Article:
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What will Leeds head coach Marcelo Bielsa bring to Elland Road?

12:38 pm, 15th June 2018

The 62-year-old is highly regarded in coaching circles for his work with Argentina, Chile, Athletic Bilbao and Marseille, but there have also been unsuccessful spells at Lille and Lazio, where he handed in his resignation just two days after his appointment.

So what’s behind his reputation? Why do his methods blow hot and cold? And would they work at Leeds? We take a look with help from Spanish football expert Guillem Balague.

A royal reputation

Pep Guardiola has described him as “the best coach in the world”, while Mauricio Pochettino and Diego Simeone also credit him as one of their biggest managerial influences.

“Bielsa has been a teacher, a leader or a reference for many new coaches, first and foremost because he makes you think about football,” says Balague. “He makes you realise that there are alternative ways of playing to what has been done before.

“We thought we had reached the end of football in a way, that there was no more advanced way of playing, but Bielsa proposed something different and a lot of people embraced it. It doesn’t mean his philosophy is the base of Guardiola’s or Pochettino’s, it just means that he is one of the big influences they have used.”

From Alexis Sanchez and Fernando Llorente to Javi Martinez and Benjamin Mendy, there is also a long line of players who have spoken positively about Bielsa’s coaching.

The philosophy

So what exactly is the Bielsa philosophy?

“The basis of his football is defensive and offensive intensity,” says Balague. “He always wants his teams to win back possession quickly and his offensive football is electric. It’s rapid and it requires a huge amount of mobility.”

It’s an approach which has been implemented by Guardiola and Pochettino at Manchester City and Tottenham, and their approach to possession is similar to Bielsa’s too.

“Possession is vital to him, but he doesn’t like passing for passing’s sake,” says Balague. “He uses possession to continuously attack, which means passing has be used to break defensive lines and it has to be used as a way of attacking.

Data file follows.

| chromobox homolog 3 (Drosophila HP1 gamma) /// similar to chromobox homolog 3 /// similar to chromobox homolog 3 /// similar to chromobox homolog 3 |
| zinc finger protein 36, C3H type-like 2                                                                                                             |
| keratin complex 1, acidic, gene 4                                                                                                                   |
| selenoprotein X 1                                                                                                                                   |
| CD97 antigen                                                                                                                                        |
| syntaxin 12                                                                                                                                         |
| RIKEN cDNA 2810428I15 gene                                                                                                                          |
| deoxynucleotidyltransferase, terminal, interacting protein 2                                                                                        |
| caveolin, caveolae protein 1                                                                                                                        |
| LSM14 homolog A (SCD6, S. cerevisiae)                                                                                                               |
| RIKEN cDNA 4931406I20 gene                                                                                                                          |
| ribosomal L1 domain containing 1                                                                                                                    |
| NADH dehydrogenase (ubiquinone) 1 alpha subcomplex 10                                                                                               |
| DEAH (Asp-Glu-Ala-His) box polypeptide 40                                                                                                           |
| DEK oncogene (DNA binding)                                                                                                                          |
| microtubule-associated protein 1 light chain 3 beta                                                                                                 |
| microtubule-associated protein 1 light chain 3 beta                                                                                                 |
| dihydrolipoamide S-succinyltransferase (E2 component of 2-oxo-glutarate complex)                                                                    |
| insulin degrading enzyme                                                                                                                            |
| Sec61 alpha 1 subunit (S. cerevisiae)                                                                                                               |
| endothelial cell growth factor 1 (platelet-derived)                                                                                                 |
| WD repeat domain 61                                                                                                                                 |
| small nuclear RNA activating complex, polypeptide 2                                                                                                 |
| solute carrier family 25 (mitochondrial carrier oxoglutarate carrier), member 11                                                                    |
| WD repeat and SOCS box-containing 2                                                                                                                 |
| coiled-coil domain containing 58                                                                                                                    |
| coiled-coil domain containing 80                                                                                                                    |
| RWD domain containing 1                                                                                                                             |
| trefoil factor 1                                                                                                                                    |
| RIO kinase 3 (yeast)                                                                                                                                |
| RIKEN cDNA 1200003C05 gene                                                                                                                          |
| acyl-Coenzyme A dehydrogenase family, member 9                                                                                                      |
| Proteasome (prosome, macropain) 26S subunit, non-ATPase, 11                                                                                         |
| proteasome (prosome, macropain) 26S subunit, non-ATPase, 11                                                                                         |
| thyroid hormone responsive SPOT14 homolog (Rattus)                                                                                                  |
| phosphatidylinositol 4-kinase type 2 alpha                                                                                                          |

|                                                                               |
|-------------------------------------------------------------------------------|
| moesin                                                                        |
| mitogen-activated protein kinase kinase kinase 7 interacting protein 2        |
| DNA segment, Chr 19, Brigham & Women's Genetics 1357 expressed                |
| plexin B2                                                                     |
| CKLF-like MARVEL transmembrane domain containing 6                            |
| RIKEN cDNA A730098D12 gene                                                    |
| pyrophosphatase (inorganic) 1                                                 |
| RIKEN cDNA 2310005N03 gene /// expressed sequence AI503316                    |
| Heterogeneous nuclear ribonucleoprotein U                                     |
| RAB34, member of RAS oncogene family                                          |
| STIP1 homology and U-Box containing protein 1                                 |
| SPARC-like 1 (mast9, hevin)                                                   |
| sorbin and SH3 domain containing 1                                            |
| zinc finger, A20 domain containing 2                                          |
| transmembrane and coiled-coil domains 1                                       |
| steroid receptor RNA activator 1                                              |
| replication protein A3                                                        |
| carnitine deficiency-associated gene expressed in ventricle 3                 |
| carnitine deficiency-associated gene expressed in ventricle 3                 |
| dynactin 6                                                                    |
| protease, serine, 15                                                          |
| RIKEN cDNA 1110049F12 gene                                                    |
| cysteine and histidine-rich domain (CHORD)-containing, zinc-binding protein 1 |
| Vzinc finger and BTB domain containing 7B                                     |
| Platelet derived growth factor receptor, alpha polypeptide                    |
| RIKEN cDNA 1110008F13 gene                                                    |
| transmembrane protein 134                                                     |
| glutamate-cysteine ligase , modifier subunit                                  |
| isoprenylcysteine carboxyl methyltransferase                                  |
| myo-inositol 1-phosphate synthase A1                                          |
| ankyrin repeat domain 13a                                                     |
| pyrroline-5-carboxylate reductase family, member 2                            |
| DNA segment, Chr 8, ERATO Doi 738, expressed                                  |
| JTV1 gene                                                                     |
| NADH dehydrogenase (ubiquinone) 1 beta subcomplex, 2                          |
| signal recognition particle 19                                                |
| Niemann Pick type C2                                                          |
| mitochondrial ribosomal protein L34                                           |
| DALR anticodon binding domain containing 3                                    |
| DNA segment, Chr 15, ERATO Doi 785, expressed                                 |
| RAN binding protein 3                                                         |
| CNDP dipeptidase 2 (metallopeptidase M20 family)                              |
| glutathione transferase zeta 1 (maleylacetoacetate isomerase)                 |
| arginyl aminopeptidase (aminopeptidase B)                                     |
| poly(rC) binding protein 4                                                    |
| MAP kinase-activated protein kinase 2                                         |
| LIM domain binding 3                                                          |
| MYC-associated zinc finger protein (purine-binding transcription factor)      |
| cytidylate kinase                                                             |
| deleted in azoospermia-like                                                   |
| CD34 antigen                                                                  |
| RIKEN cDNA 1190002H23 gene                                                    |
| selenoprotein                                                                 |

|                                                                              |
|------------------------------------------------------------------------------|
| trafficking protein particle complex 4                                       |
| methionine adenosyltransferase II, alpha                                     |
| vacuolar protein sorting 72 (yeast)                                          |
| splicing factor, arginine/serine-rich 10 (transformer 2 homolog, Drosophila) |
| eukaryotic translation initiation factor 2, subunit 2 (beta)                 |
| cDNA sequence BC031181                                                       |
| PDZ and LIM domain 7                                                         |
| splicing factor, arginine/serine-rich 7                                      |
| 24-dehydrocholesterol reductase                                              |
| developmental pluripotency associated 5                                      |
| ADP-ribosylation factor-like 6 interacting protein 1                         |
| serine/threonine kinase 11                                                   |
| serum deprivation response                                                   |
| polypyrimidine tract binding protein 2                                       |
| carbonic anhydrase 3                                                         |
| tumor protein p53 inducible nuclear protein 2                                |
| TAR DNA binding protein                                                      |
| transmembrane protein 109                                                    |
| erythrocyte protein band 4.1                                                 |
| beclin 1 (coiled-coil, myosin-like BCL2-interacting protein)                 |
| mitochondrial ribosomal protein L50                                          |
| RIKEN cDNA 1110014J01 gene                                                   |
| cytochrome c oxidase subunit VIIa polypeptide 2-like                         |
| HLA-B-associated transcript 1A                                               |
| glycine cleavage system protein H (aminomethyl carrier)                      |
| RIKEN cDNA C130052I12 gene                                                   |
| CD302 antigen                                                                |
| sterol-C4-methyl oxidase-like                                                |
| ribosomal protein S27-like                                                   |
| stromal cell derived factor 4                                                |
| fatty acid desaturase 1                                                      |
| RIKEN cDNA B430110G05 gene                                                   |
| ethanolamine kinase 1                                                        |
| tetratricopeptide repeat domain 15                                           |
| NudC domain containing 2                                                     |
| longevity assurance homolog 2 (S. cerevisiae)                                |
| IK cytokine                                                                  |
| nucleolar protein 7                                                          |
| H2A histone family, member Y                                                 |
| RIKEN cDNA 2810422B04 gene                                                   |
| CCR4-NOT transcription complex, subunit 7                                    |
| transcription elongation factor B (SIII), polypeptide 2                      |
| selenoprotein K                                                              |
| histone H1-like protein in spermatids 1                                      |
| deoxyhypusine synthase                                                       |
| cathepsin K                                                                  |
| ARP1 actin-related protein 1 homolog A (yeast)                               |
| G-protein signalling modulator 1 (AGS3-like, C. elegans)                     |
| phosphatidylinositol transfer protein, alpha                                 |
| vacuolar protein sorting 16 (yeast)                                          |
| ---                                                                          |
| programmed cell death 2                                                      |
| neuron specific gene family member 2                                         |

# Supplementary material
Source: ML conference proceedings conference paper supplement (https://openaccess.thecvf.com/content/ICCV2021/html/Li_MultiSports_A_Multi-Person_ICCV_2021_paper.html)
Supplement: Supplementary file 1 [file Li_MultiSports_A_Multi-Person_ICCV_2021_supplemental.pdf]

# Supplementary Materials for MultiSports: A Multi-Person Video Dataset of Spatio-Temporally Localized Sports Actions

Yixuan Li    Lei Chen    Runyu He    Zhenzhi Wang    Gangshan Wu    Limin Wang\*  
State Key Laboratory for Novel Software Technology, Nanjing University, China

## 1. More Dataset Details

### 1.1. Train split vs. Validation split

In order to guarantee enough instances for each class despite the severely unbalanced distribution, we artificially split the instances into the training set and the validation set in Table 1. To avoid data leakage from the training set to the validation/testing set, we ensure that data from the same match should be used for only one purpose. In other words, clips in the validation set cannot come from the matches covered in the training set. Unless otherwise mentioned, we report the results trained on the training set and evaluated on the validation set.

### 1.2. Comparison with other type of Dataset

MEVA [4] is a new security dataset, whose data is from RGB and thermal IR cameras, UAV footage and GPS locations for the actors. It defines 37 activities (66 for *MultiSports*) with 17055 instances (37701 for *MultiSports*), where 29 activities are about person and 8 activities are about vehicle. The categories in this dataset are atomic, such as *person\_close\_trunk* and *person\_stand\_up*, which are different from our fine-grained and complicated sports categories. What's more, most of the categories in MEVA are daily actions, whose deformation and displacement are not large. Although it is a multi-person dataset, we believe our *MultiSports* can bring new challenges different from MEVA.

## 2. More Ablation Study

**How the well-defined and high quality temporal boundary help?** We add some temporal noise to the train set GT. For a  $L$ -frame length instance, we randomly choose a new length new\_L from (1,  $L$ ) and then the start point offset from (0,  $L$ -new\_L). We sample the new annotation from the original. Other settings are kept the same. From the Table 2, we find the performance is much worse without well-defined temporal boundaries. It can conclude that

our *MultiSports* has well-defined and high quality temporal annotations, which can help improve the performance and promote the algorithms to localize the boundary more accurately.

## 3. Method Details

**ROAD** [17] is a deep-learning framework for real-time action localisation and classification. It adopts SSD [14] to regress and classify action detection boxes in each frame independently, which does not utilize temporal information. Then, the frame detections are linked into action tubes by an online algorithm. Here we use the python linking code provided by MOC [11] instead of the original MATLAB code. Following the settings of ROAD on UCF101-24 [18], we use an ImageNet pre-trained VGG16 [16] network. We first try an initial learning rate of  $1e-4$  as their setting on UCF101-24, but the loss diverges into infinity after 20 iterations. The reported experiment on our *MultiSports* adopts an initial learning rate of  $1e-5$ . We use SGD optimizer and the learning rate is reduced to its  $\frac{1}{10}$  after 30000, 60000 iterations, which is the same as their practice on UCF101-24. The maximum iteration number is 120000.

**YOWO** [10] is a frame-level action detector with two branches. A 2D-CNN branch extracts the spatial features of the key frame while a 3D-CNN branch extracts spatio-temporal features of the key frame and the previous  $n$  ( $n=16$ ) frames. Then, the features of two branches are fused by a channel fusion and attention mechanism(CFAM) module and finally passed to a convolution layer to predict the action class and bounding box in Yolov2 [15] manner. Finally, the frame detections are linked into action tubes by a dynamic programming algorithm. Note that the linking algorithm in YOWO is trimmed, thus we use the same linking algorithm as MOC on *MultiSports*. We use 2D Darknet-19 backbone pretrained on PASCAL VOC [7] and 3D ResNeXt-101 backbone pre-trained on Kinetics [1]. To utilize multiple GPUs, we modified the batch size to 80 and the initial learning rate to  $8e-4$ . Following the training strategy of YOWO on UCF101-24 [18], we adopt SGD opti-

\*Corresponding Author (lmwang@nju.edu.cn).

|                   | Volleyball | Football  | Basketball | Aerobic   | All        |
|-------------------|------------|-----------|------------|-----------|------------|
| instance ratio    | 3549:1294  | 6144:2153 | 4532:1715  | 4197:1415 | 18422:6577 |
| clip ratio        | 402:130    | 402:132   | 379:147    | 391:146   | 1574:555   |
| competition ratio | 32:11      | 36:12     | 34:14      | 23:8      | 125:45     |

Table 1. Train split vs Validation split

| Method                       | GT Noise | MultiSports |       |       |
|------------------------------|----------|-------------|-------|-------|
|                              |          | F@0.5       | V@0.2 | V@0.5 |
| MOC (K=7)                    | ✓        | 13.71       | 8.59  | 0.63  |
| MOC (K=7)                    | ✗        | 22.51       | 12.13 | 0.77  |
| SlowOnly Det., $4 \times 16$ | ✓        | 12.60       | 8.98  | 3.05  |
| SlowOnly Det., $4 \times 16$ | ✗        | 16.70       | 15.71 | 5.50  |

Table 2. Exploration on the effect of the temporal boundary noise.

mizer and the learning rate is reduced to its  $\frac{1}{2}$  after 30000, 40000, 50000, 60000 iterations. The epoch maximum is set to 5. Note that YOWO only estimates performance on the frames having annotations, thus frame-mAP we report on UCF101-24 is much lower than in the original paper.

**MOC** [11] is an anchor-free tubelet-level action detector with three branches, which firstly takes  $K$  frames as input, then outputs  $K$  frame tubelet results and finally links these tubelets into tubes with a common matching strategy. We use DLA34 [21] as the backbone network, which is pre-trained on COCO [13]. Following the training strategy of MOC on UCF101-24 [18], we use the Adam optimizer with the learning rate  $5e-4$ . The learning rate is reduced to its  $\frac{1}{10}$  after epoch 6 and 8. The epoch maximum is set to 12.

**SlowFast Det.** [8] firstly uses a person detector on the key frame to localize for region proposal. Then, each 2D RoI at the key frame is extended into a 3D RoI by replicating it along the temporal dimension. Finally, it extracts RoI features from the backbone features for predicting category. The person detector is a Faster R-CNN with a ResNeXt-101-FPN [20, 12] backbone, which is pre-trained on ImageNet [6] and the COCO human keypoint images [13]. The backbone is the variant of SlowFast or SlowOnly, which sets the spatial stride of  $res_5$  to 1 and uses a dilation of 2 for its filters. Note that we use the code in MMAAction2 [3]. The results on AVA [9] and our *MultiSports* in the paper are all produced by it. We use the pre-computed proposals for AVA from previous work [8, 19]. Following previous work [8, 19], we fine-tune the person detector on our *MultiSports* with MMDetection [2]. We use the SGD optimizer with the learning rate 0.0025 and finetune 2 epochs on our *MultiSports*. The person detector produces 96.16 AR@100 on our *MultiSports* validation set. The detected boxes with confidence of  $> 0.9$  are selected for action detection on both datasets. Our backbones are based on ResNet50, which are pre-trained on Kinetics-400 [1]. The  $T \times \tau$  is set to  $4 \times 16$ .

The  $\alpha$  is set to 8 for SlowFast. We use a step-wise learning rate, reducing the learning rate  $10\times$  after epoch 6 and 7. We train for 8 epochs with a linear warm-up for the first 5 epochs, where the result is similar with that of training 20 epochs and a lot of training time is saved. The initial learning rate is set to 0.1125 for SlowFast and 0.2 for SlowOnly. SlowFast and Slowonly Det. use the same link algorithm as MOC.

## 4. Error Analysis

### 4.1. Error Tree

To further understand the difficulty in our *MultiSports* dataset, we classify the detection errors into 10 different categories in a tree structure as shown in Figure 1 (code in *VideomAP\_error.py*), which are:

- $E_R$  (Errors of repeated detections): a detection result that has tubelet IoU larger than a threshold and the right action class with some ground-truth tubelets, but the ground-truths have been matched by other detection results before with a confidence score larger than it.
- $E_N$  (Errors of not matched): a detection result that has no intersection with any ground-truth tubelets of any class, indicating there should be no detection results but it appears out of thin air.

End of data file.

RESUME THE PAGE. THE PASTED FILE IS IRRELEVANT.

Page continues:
“It’s about constant movement and quick combinations, with incisive passes through the lines. Sometimes a backward pass can help, but only when it allows the team to switch the play and break the opposition’s defensive lines on the other side of the pitch.”

Bielsa’s philosophy requires tirelessly hard-working players. “When it all works, his teams end up generating the kind of football which is hugely appreciated amongst fans, because what they see is a group of 11 players giving absolutely everything on the pitch,” says Balague.

“That is really the key to the success of his style – that every player, including the forwards, must work really hard without the ball, and every player, including the defenders, must work really hard with it, too.”

Pep Clotet, Birmingham City’s assistant manager, is one of the many coaches to have studied Bielsa’s methods first-hand during the Argentinian’s time in charge of Spanish club Espanyol.

“He has a method based on the continuous improvement of his players,” Clotet told Sky Sports. “They are asked to experiment and learn new actions and new details. At the end of it, he is always looking for perfection both individually and collectively.”

In order to implement his philosophy, Bielsa uses a 3-3-3-1 formation. “He always uses three forwards [including the two wide players], which is more than usual, and he always uses a fourth player to link to the attack,” says Balague. “That player has to be somebody with the ability to give a quality final pass.

“The midfield is organised by a holding player who helps the defensive line, and another who links the holding midfielder with the No 10.”

Could it work at Leeds?

Bielsa’s most recent jobs have not worked out, so should Leeds supporters be worried?

“He is not always understood,” says Balague. “In France, for instance, language was an obstacle. He is most appreciated when he is understood, which is why he likes to explain his philosophy in long press conferences. He has a creative way of understanding football which requires patience.

“It is a risky step for a club to go with Bielsa, but you only have to remember how his Athletic Bilbao beat Manchester United and got to the final of the Europa League to see how he can maximise his teams if everything works and people are patient enough to understand what he is trying to do.”

Leeds are not known for their patience when it comes to managerial appointments, but Balague believes the unlikely marriage could work out if he gets backing from the fans.

“If he goes to Leeds, it’s the kind of journey you are all going to learn from,” he says. “It needs a proactive approach from the fans. They will go to watch the games but they will need to understand what he is trying to do to really appreciate it.

“Once they get to that stage where they understand it, and they see that electric football I have talked about, people will fall in love with him and the team.

“I think it is a brave decision and I hope it happens because it will be a fascinating experiment. The combination of the creative Latin American way of playing football with the determination and work ethic we associate with the north of England could work well.”